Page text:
Rhys Taylor's home page
Science, Art and Data Visualisation

H – One

This is my pretentious name for a sequence of images and videos I occasionally add to when I want to freely explore new visualisation techniques purely for the sake of it. Often new techniques aren't difficult to get working at a proof-of-concept stage, and all the prettiest pictures happen when you're free to make mistakes. I've been told by actual commercial artists that this definitely counts as art and that's more than good enough for me.

This all started with the following video I made right back in 2012 :

At the time I'd yet to find the almost-magical solution of using image planes to show volumetric data, so I was still importing FITS files with the earlier methods. None of these work well enough to make for anything useable scientifically, but some of them at least give aesthetically interesting results. There was no real thought behind this as a sequence at all, it was all constructed purely for the sake of "wouldn't this look pretty/interesting ?". If you watch it on YouTube, the description has a brief description of what each segment actually is.

Years later, having cracked the whole image plane solution, I was messing around with other techniques and decided I had enough to make a second video. Here there was much more a conscious philosophy behind the whole thing (which you can read about in much greater detail on my blog). I find it interesting how the same data can be depicted in radically different ways. What, pray tell, does this mean for the nature of reality ? Does everything depend on our perception ? Is everything made of the same mental "stuff" or is this of a fundamentally different nature to the material world ?

Look I DID bloody warn you it was pretentious. Anyway, though there isn't exactly a narrative structure to the video, it attempts to explore these ideas artistically. The two major themes are how the same data can be legitimately, meaningfully depicted in radically different ways (with the first few sequences all using the same data set), and how things can both be diffuse and without clear boundaries and yet also have hard, distinct edges.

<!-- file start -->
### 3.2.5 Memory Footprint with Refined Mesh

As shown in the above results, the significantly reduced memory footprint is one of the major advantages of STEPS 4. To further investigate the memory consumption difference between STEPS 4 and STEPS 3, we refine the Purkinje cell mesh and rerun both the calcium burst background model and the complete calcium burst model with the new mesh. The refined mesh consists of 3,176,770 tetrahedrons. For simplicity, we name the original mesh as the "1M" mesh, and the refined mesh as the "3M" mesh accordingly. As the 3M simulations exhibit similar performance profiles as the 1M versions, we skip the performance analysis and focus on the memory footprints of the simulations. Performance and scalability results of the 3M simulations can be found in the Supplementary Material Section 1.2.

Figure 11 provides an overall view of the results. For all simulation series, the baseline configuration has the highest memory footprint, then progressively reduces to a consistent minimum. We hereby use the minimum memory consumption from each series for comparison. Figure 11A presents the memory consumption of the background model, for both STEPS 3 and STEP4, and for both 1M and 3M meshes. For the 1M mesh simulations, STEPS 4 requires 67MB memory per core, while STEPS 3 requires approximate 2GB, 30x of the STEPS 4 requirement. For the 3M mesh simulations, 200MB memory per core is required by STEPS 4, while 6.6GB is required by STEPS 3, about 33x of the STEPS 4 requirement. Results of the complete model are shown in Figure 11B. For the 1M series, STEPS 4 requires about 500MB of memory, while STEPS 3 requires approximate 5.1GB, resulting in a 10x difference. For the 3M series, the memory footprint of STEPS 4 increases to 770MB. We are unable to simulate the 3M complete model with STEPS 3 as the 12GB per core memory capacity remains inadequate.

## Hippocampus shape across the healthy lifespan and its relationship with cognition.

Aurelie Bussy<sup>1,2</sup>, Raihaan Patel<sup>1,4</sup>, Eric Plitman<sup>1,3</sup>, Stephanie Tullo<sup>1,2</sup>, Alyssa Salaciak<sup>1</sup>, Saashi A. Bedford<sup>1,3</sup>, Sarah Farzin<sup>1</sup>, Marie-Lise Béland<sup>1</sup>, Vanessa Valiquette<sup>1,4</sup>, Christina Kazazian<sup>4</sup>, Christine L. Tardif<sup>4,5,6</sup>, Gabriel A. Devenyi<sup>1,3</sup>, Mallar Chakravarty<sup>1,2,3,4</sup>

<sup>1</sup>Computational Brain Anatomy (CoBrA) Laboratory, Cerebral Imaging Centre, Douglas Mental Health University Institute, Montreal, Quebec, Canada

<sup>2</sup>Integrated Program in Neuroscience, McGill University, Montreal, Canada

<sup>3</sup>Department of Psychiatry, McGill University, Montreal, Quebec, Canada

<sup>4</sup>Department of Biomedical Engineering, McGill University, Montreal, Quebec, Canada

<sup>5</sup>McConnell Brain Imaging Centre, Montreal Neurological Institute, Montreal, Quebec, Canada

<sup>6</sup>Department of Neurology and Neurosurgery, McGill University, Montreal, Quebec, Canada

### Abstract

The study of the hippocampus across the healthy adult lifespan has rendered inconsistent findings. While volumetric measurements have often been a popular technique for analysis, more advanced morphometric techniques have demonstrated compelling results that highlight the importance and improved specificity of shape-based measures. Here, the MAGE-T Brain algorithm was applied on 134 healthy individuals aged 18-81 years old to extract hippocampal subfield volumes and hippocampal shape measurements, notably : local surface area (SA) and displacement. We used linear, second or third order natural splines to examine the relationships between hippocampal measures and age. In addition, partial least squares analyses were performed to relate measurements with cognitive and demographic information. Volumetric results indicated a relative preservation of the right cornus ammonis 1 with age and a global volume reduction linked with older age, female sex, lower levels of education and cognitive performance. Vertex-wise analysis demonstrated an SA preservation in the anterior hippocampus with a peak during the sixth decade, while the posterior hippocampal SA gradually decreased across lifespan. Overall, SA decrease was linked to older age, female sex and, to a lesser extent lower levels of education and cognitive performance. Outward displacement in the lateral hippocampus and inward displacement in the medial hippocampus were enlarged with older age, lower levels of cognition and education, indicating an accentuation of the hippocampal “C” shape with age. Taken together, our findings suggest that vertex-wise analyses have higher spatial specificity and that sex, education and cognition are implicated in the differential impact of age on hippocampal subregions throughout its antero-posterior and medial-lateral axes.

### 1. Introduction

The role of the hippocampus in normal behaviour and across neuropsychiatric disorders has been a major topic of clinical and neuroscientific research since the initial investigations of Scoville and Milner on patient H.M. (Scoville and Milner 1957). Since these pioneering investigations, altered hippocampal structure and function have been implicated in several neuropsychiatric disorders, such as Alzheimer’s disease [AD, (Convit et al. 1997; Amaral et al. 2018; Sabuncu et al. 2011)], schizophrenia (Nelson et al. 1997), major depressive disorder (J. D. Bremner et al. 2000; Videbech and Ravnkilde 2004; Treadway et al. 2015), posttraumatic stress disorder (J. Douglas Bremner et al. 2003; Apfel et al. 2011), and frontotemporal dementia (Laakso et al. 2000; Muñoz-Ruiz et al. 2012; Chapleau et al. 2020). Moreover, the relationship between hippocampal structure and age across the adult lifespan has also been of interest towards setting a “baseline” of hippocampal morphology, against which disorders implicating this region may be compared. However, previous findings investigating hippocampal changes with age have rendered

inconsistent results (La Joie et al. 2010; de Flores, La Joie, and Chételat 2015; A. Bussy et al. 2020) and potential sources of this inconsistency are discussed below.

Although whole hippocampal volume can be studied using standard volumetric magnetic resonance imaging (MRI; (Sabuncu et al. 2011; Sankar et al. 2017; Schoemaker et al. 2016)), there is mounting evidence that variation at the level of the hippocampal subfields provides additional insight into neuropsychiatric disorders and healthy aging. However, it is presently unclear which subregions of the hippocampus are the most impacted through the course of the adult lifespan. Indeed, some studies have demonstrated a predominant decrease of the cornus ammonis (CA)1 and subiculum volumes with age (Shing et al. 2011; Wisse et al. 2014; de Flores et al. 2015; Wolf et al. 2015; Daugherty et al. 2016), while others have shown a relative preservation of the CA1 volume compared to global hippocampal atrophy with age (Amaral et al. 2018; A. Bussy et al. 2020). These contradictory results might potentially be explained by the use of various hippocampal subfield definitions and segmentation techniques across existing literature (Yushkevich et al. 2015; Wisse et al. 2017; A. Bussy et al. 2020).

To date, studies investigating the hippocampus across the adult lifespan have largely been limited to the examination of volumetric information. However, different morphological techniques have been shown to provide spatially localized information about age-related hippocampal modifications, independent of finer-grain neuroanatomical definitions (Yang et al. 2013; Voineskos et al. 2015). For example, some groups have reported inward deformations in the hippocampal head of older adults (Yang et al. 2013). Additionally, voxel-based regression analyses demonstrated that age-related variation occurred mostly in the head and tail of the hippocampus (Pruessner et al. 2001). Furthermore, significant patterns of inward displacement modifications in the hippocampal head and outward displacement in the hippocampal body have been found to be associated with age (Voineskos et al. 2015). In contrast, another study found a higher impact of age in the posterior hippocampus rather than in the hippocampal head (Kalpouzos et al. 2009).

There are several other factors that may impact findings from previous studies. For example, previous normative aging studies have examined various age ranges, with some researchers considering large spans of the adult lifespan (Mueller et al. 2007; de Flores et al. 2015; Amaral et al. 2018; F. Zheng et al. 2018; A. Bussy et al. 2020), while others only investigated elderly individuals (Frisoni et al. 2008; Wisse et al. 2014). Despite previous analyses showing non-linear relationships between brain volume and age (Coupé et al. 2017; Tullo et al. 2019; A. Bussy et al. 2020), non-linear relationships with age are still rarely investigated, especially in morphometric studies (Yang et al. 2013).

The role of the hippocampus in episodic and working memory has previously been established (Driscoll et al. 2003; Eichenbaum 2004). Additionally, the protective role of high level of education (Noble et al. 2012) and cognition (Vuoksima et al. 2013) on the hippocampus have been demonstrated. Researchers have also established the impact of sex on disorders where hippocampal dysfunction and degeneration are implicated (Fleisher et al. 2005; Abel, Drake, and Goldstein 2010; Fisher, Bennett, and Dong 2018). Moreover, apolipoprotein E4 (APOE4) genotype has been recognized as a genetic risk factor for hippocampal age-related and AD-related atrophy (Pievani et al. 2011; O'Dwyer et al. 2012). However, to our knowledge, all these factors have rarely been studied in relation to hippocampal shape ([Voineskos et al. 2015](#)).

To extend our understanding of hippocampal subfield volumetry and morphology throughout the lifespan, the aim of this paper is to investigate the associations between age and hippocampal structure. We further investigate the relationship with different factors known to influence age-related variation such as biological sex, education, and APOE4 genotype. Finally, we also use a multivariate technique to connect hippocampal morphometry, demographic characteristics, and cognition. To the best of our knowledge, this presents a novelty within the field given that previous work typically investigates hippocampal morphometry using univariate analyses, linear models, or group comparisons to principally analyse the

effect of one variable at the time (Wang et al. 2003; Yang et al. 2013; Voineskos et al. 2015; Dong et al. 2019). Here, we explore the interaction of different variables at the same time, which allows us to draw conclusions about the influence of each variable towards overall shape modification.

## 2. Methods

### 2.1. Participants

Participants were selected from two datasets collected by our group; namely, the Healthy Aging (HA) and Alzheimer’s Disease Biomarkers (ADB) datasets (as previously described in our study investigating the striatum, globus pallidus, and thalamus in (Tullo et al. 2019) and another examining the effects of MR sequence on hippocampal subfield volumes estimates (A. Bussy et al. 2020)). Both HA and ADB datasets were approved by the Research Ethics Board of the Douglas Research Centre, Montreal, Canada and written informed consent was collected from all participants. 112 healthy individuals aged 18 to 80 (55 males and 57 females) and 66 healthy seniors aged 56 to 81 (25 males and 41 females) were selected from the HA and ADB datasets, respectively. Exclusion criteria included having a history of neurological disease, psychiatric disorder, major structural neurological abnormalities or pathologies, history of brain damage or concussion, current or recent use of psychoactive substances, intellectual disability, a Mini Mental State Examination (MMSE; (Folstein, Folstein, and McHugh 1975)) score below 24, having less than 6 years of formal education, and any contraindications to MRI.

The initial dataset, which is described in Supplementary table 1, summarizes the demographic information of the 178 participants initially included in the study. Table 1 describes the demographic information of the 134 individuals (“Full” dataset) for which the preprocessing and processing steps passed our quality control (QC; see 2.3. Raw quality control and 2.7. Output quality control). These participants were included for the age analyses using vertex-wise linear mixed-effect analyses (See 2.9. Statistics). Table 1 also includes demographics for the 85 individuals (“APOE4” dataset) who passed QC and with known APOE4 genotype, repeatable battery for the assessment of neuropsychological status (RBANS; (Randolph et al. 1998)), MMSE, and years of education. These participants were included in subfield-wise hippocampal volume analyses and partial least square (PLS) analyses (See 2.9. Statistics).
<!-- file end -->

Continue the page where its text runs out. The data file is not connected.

Some of the techniques I developed for this have been incorporated into the latest version of FRELLED (in particular the landscape scenes), so yes, art can have direct value for science. It's under-appreciated that science has some fundamentally creative aspects to it, and it's absolutely essential that we have some space to think the unthinkable thoughts and make stupid mistakes. Especially when they result in pretty pictures.

One of the images from this now adorns the visitor office in the Astronomical Institute in Prague as a giant ~3m poster. I also made many other still images from this, some of which you can find below with brief descriptions, or again see the blog for full details, more images, and code. Some of these feature in the online gallery "Hybrid Science Experimentation", part of the continuous "Experimental Photo Festival".

Too much information

All the data is ultimately just numbers (or is it ? are numbers real ???), so ultimately the choice of how to depict the data is subjective. Different techniques convey different meanings, not only aesthetically, but also in what information the data reveals scientifically as well. This clichéd Matrix-style rendering shows an AGES data cube with all values in a data cube in a certain S/N range shown as text, with reflecting walls around the edge of the data to make it look infinite in scope.

The Dark Tower

This render depicts a single velocity channel from the M33 AGES data cube, displacing each value according to its value. I genuinely had no idea there were multiple peaks in the data until I showed it like this : for standard images, the dynamic range is so high that the brightest data tends to saturate. The blue-grey bleakness was a happy accident; this foggy appearance results if you render inside a sphere and use ambient occlusion. I like the mixture of hard edges and blurriness here, and also just the idea of thinking of the data as a landscape, a real place we could go and explore.

Ghosts of Virgo

Continuing the landscape theme, this one is a combination of the above two techniques. The galaxies in an AGES data cube are shown as reflecting, transparent isosurfaces, with one particular velocity channel shown as a reflecting, displaced plane. Again this is an attempt to depict data which is both precise and diffuse at the same time.

Crystalline Hydrogen

To really ram home the message that how we depict the data really fucking matters, and that data visualisation is important, here's the same M33 data set as above but rendered in a completely different way. Now we see it rendered as a volume, but with random slices of the data missing and the camera given an extreme wide field. The resulting appearance is something like an exploding crystal.

This idea of crystalline gas is developed further with a GALFA (galactic hydrogen) data cube. Here, instead of randomly omitting certain pixels, they are preferentially selected on one side. One side smoothly fades from ordinary, diffuse gas into something like a series of crystal shards, with no clear boundary between the two. Or at least that was the aim.

Chrysalis / Reality Bomb / Shattered Mirror

Now we come to the weird stuff. This is LAB data (all-sky HI) rendered on a displaced sphere, with a fisheye-style lens and reflecting spheres in the background, with lots of varying displacement and clipping effects. A lot of happy accidents here, which form the final and my favourite part of the video. Who needs drugs when you've got a radio telescope ?